The KCET multi platform arts journalism project Artbound searches near and wide throughout Southern California to bring to light people creating extraordinary art that goes unseen by the mainstream.
One artist highlighted by the series is LA-based furniture and craft designer Tanya Aguiñiga. Trained as a furniture designer, Aguiñiga has a special interest in crafting, often covering pre-existing chairs in felt, or weaving her own textiles and creating handmade accessories.
Artbound recently followed Aguiñiga as she demonstrated what she calls "Performance Crafting," bringing the creation of indigenous craft into the public, urban sphere.
"I'm known for making furniture and doing a lot of craft-based processes, so I came up with this thing called performance crafting, doing it public and doing it in a very participatory way," said Aguiñiga on Take Two. "One of the things that I did a few years ago was i spent time in Chiapas in southern mexico working with Mayan artisans, Mayan women who do backstrap weaving."
The process of backstrap weaving involves the whole body, not a loom, to create beautiful textiles. Aguiñiga explains the the weaving works by tying a belt around one's waist, then tying the other end to a pole or other sturdy surface. The weaver then must move his or her body back and forth using the resistance from the other object.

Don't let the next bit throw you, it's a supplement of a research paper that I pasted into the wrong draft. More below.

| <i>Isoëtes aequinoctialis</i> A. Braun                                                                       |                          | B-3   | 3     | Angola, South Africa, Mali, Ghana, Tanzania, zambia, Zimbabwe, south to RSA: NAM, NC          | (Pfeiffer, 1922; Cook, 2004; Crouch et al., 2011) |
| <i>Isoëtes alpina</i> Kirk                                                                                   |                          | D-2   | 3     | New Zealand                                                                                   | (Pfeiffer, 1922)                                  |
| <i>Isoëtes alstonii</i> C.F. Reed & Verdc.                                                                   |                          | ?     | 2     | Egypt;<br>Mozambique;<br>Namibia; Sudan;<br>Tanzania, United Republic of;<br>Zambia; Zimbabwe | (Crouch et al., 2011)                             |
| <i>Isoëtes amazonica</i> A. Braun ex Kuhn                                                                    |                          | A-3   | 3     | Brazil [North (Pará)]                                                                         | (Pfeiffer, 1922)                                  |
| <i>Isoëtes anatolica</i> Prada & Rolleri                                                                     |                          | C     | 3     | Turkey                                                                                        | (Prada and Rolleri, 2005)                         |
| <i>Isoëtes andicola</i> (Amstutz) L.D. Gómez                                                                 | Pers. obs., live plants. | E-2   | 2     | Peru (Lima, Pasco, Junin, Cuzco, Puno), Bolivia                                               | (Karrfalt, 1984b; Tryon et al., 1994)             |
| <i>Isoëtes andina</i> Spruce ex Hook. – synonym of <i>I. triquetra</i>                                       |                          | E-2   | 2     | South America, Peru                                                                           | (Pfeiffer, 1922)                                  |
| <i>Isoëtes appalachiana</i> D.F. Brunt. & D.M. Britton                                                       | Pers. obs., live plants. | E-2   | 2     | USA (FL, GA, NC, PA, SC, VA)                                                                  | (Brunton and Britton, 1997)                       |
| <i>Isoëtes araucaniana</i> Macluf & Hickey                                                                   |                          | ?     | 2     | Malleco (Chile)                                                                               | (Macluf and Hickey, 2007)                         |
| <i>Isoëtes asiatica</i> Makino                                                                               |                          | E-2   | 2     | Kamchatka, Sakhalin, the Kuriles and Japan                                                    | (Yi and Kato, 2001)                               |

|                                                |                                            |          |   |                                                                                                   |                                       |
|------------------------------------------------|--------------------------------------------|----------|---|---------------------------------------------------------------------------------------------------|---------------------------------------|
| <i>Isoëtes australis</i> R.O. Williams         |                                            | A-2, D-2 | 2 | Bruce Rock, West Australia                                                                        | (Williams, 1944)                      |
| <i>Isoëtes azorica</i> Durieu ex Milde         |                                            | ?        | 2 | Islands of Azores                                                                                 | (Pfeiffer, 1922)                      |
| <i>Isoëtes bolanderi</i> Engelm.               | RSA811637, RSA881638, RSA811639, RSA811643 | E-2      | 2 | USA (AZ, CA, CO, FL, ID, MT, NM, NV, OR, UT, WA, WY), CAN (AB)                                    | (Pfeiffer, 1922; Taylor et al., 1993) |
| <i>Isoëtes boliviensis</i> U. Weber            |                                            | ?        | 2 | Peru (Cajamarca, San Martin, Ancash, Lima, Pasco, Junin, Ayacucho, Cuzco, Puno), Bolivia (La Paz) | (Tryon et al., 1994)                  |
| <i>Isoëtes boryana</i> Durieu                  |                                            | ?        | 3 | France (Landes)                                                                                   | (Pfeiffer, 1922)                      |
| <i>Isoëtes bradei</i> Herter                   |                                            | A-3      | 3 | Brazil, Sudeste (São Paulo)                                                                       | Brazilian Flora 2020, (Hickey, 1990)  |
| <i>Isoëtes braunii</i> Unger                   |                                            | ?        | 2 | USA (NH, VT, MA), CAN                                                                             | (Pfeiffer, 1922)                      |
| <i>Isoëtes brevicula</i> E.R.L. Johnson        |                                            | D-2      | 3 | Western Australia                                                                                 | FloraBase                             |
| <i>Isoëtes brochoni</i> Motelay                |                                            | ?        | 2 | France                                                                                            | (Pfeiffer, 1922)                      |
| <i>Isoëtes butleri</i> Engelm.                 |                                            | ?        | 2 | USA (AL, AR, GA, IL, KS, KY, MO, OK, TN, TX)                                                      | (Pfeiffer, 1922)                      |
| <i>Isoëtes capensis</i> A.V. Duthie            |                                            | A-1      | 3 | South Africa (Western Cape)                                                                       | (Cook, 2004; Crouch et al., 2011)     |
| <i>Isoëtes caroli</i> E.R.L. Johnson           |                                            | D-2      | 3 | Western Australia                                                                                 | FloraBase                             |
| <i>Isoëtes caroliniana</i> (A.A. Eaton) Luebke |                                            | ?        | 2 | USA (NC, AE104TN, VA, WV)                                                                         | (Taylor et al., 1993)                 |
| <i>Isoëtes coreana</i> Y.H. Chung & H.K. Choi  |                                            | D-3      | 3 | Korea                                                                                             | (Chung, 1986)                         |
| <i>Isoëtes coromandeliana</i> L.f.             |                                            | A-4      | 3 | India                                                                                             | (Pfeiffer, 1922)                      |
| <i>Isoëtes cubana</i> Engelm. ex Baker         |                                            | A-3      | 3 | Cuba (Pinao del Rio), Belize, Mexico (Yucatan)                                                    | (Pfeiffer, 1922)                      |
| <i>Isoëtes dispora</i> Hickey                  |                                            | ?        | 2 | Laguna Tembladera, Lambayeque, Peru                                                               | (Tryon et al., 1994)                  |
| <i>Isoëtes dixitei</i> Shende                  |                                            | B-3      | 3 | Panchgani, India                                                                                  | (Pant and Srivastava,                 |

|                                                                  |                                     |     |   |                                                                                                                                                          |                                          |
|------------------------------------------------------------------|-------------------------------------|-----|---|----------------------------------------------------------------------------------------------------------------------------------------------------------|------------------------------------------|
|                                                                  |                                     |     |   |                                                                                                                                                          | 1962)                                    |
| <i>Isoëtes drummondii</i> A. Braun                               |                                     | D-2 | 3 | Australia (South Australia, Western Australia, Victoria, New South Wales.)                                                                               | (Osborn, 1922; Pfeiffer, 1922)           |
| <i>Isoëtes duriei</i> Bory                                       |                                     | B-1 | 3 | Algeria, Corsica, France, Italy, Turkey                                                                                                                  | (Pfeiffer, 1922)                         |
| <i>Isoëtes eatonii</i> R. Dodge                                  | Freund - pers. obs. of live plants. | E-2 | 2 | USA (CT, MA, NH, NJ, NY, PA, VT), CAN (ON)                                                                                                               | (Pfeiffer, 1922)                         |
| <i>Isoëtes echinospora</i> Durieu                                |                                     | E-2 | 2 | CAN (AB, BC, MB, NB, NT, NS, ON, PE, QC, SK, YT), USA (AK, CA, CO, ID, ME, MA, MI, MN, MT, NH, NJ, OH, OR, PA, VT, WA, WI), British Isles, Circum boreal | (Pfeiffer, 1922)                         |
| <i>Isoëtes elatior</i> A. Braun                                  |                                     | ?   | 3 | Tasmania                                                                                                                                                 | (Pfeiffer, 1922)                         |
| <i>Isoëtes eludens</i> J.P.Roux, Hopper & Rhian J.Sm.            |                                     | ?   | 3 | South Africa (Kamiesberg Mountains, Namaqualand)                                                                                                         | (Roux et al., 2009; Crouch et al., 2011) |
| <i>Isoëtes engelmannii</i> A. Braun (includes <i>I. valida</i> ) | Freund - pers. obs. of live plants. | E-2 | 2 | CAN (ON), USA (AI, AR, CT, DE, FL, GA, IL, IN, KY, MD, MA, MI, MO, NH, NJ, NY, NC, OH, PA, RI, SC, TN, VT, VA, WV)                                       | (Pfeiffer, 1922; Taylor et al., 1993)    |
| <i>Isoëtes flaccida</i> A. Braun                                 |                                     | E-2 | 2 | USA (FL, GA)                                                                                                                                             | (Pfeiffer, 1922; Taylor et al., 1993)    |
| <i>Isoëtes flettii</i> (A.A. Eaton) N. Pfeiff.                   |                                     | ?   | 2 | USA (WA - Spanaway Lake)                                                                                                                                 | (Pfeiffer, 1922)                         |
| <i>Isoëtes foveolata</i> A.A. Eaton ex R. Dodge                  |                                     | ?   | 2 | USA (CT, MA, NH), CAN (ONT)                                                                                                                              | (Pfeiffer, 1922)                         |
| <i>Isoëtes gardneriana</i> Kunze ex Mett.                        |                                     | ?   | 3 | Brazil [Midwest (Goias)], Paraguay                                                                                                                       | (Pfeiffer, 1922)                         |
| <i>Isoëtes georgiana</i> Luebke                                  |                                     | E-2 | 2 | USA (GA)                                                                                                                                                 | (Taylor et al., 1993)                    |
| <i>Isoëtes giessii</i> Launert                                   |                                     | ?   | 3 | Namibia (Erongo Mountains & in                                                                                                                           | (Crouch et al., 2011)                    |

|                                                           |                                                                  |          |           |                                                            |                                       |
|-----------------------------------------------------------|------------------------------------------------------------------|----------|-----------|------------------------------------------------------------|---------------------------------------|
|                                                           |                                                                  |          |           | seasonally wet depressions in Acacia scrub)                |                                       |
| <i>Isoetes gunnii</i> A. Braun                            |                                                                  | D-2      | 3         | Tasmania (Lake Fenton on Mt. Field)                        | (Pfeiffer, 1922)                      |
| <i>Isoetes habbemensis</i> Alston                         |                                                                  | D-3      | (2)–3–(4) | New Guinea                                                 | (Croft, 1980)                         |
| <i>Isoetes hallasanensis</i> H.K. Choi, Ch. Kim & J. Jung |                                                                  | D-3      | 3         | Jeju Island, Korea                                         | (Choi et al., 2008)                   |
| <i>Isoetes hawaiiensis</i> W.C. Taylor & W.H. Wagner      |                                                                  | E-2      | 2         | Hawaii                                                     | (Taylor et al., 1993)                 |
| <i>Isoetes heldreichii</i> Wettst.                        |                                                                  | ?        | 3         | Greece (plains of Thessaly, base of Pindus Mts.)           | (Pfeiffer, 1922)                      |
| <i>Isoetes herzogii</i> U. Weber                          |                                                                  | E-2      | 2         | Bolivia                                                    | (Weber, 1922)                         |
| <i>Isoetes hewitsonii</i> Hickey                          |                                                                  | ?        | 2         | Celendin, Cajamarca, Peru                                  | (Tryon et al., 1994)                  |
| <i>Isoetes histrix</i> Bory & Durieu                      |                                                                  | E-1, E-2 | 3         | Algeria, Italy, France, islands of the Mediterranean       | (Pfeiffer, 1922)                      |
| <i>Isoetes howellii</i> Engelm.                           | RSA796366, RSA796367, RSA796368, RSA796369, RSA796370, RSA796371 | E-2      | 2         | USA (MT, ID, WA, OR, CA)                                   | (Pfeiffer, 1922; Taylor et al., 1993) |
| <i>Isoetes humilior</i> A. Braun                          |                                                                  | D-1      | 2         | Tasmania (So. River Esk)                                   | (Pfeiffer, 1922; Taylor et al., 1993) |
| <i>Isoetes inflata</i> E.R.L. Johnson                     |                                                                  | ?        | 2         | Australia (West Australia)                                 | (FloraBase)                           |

For Artbound Aguiñiga and editor Drew Tewksbury, who is also a regular Take Two music critic, headed to Beverly Hills to introduce passers by to this crafting process. Only, they weren't exactly welcome.
"I tied myself to a parking meter, so I thought that for paying for a parking space that you're essentially renting real estate out in Los Angeles, so I thought I would be able to sit there and do this ancient way of weaving fabric and it was right in front of YSL (Yves Saint Laurent)," said Aguiñiga. "We quickly realized that the city of Beverly Hills does not like people in parking spots."
Within 30 minutes of setting up shop, Beverly Hills Police were on the scene threatening to hand out tickets.
For her next Artbound project, "Felt Me," Aguiñiga embraced her love of the wet felting process, or rather it literally embraced her. "I was head-to-toe completely covered," said Aguiñiga.
Wet felting works by covering an object in raw wool, then rubbing it with soapy water until the object is seamlessly covered in fabric. You then let the fabric dry and it fuses itself to the object. Aguiñiga decided she'd like to try and place herself in the position of the many chairs or other sculptural objects she's felted throughout her career.
"We wrapped my whole body with raw wool then they sprayed me with soapy water and they rubbed me down," she said. "Part of it that was very difficult for me and I think for a lot of people involved as well … was that I was naked, so the process was covering my head, my entire body, my feet and my hands and felting me."
You can see video of Aguiñiga's "Felt Me" project below, and be sure to check out the Artbound website for more interesting portraits of art in Southern California.